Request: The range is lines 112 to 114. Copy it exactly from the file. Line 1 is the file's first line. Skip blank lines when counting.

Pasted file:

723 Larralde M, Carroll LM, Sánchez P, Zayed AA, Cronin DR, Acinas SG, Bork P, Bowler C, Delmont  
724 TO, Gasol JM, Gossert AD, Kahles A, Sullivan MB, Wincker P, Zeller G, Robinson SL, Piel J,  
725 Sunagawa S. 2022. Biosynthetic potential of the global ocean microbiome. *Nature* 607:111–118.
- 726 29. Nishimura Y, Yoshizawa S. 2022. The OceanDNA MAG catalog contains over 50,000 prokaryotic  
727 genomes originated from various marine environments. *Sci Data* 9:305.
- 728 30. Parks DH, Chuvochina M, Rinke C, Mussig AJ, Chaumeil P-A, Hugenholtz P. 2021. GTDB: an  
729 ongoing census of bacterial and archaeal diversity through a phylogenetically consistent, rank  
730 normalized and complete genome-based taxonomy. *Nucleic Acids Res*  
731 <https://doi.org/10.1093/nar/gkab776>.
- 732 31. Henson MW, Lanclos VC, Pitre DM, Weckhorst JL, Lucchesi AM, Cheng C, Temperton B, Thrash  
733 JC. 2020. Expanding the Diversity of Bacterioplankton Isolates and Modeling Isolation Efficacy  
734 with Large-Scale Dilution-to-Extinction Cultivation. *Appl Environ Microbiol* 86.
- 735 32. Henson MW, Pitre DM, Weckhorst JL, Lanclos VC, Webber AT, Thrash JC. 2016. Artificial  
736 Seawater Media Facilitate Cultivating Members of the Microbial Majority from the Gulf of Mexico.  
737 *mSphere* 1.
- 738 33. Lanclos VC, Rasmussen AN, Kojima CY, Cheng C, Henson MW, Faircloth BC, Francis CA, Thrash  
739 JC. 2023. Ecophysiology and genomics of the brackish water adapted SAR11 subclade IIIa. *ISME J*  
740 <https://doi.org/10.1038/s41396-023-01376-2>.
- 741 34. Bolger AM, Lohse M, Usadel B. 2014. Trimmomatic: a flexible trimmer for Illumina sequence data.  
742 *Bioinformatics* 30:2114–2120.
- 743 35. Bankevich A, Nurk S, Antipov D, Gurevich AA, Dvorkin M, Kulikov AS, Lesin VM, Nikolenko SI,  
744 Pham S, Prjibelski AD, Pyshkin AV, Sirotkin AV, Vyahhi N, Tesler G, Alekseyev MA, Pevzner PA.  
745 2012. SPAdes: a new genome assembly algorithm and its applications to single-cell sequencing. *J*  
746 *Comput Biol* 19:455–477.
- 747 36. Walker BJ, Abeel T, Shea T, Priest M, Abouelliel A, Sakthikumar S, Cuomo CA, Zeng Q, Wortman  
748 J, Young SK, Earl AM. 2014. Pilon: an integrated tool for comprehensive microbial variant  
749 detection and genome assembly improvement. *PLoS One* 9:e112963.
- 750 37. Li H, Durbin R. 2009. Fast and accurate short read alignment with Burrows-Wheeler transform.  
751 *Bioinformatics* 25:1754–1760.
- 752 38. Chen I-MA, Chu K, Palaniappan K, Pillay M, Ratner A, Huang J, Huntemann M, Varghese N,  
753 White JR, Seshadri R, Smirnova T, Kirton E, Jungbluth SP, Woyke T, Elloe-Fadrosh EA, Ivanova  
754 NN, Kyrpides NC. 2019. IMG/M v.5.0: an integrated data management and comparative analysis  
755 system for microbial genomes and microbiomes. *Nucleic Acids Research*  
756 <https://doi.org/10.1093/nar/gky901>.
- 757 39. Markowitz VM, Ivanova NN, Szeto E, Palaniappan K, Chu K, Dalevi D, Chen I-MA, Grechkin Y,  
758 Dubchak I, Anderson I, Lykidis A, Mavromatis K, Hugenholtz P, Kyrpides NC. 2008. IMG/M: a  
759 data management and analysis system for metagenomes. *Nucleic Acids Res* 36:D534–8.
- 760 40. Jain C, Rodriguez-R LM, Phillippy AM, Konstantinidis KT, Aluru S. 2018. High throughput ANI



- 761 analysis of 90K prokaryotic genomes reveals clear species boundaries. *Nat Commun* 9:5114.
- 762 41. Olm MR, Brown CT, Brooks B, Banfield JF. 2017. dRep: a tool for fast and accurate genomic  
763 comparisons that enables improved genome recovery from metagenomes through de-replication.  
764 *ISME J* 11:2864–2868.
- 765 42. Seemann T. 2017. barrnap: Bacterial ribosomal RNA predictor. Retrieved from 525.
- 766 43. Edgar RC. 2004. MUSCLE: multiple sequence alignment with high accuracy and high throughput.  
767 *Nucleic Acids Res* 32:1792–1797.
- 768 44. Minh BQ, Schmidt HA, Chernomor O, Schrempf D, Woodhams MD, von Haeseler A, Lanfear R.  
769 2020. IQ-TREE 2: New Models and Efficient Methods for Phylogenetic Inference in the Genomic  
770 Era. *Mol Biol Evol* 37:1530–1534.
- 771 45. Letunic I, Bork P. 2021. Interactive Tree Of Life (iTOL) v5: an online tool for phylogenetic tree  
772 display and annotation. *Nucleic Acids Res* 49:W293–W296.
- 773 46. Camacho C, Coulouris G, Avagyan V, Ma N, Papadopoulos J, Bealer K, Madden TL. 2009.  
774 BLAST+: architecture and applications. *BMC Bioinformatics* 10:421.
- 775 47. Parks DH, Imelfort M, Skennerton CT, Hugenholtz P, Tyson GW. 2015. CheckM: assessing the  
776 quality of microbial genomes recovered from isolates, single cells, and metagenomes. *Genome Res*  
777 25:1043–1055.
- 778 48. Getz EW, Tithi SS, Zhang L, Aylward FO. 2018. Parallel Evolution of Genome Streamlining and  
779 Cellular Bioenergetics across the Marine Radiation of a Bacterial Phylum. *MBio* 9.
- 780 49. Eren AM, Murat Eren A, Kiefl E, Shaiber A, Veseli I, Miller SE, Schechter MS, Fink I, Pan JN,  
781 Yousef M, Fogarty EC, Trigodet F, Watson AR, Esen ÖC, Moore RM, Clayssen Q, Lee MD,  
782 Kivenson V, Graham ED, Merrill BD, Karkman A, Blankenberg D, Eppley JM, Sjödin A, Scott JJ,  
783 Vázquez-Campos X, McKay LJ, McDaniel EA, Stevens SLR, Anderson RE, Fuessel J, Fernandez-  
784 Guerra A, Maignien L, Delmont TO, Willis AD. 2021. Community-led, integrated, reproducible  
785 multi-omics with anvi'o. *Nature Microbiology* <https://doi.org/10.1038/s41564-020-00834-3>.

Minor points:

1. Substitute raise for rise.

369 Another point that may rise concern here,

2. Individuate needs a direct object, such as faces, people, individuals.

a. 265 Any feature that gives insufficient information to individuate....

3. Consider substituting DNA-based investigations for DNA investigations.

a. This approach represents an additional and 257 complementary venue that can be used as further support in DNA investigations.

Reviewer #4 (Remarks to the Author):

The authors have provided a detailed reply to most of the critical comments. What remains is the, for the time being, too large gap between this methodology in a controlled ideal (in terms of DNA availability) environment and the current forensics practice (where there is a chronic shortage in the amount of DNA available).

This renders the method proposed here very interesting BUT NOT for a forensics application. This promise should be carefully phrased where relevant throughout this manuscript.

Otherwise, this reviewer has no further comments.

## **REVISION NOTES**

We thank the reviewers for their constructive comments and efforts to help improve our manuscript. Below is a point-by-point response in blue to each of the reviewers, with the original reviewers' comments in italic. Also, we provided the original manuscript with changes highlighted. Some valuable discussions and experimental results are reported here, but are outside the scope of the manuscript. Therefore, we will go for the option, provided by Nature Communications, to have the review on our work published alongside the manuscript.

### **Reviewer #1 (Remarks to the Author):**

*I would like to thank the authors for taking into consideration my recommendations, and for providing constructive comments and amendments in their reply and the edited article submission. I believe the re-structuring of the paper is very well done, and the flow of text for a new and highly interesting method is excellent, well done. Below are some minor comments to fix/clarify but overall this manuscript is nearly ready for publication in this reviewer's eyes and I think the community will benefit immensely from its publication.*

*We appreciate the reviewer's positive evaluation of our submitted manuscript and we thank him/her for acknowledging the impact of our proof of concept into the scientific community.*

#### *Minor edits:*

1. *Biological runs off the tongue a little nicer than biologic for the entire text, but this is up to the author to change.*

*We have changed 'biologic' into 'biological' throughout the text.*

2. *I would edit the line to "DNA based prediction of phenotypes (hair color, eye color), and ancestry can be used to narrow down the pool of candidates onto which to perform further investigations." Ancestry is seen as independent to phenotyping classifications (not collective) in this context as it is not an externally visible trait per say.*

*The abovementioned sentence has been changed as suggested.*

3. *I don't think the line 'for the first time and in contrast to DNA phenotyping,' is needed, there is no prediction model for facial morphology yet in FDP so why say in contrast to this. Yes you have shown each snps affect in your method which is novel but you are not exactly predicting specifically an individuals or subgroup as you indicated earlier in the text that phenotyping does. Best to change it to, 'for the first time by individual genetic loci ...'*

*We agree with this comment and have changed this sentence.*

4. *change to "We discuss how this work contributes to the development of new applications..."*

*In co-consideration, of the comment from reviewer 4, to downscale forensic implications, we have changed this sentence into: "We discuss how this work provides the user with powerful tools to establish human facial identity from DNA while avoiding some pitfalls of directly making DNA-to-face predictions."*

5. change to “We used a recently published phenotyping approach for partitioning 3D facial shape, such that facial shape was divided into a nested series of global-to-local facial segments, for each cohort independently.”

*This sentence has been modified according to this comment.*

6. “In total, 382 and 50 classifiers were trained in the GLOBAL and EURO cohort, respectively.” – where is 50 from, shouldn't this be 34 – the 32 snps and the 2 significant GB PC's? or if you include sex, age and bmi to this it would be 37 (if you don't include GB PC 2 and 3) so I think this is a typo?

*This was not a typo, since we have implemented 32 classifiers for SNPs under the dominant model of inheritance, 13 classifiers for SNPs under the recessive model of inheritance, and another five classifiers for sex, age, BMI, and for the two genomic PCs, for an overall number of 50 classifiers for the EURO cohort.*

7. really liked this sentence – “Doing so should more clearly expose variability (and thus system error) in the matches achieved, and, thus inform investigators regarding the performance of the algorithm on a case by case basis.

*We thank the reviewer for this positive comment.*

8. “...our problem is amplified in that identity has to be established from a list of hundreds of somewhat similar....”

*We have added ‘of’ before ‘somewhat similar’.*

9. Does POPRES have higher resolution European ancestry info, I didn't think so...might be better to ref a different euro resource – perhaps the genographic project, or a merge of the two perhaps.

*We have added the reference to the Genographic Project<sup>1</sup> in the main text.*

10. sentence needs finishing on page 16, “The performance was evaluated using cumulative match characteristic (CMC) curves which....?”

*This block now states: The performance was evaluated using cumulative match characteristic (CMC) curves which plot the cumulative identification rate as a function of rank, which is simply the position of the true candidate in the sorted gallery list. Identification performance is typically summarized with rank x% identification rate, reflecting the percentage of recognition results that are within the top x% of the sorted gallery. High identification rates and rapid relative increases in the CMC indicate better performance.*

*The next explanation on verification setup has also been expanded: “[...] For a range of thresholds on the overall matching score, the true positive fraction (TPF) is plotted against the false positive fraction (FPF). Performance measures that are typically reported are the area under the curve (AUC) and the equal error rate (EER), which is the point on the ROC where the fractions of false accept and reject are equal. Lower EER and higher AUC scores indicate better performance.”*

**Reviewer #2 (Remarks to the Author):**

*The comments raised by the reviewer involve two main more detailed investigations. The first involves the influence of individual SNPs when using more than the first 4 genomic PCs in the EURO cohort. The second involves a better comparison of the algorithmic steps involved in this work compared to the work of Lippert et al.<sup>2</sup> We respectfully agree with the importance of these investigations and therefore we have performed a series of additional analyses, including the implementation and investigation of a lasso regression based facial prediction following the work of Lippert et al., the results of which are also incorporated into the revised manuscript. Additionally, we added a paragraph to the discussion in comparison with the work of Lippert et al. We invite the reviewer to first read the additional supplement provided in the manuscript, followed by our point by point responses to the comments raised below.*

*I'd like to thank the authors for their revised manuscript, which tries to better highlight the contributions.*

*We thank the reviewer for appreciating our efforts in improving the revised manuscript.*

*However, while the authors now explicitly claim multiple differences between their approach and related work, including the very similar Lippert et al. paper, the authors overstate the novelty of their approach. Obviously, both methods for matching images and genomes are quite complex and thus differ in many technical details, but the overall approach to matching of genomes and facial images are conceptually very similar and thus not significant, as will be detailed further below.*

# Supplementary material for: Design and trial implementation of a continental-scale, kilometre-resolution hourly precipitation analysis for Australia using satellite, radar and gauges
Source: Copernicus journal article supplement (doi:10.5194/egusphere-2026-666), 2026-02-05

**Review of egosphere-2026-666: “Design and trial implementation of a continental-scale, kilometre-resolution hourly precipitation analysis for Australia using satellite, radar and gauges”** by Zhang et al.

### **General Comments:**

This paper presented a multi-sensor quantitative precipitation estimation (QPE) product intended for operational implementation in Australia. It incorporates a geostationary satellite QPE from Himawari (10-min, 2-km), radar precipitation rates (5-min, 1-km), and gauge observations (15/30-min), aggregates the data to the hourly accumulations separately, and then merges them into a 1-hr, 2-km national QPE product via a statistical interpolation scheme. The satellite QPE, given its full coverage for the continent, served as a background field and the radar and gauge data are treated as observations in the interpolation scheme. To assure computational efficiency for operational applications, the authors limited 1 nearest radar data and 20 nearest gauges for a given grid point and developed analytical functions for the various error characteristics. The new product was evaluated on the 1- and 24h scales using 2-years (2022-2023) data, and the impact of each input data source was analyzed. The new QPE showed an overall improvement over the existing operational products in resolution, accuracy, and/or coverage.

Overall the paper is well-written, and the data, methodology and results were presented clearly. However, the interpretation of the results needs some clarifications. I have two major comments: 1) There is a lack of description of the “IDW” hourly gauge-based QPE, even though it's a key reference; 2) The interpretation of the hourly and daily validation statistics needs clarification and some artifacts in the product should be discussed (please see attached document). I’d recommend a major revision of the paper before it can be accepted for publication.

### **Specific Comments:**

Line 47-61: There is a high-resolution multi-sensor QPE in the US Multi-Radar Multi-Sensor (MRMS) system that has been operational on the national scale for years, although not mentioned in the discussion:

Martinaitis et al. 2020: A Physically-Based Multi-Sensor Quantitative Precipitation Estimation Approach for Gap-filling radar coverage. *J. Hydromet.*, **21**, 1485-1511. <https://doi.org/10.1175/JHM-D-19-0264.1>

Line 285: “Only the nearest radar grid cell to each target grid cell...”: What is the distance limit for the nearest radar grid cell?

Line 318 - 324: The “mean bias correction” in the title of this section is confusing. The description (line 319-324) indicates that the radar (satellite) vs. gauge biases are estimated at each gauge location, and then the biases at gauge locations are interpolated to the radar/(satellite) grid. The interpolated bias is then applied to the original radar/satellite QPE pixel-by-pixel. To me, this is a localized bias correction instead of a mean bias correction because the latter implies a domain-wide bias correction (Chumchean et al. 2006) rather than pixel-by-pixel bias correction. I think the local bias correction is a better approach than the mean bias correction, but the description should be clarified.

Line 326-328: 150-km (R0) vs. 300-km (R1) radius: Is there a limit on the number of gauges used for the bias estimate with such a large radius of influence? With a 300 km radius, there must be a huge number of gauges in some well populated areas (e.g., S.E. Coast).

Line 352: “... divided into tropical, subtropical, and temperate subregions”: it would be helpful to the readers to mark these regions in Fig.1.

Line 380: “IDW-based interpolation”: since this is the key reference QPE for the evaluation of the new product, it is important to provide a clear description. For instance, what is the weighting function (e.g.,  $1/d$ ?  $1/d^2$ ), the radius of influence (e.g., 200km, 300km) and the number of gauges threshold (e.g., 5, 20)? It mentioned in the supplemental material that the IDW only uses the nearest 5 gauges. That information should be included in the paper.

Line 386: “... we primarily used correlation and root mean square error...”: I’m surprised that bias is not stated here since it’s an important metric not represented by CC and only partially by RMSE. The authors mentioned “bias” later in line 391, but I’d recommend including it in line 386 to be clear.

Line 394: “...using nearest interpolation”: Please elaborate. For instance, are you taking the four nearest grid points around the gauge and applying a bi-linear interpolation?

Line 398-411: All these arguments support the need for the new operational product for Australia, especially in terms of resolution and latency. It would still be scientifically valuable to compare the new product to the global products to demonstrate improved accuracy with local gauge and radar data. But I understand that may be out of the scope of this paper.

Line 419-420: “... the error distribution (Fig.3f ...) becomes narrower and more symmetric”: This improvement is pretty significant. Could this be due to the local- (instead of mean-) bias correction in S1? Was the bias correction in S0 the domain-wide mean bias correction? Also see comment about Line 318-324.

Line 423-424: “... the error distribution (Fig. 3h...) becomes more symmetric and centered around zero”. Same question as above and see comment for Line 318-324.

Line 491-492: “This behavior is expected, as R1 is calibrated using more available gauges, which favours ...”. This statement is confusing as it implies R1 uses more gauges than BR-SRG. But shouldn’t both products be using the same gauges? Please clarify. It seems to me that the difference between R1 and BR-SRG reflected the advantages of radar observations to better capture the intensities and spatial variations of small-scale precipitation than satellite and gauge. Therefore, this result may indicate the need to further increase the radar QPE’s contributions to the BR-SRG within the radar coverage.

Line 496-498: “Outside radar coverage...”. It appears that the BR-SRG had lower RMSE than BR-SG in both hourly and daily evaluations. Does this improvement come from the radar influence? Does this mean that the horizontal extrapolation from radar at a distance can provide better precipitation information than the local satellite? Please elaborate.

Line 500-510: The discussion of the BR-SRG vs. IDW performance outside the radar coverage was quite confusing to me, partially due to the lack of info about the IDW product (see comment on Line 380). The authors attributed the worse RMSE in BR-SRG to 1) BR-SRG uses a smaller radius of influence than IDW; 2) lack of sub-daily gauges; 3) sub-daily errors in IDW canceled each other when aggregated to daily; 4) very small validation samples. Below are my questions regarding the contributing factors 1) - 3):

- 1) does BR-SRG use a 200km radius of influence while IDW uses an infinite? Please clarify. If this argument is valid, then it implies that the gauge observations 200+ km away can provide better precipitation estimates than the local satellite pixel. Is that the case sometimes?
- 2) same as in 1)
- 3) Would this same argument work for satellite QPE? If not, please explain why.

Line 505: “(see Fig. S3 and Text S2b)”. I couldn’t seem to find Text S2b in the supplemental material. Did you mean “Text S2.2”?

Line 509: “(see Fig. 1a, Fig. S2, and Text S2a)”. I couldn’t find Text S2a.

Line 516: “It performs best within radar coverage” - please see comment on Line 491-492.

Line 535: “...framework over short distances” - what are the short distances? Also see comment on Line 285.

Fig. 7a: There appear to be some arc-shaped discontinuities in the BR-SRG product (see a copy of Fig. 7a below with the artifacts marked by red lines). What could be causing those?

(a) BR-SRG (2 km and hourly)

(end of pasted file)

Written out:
Overall the paper is well-written, and the data, methodology and results were presented clearly. However, the interpretation of the results needs some clarifications. I have two major comments: 1) There is a lack of description of the “IDW” hourly gauge-based QPE, even though it's a key reference; 2) The interpretation of the hourly and daily validation statistics needs clarification and some artifacts in the product should be discussed (please see attached document). I’d recommend a major revision of the paper before it can be accepted for publication.

### **Specific Comments:**

Line 47-61: There is a high-resolution multi-sensor QPE in the US Multi-Radar Multi-Sensor (MRMS) system that has been operational on the national scale for years, although not mentioned in the discussion: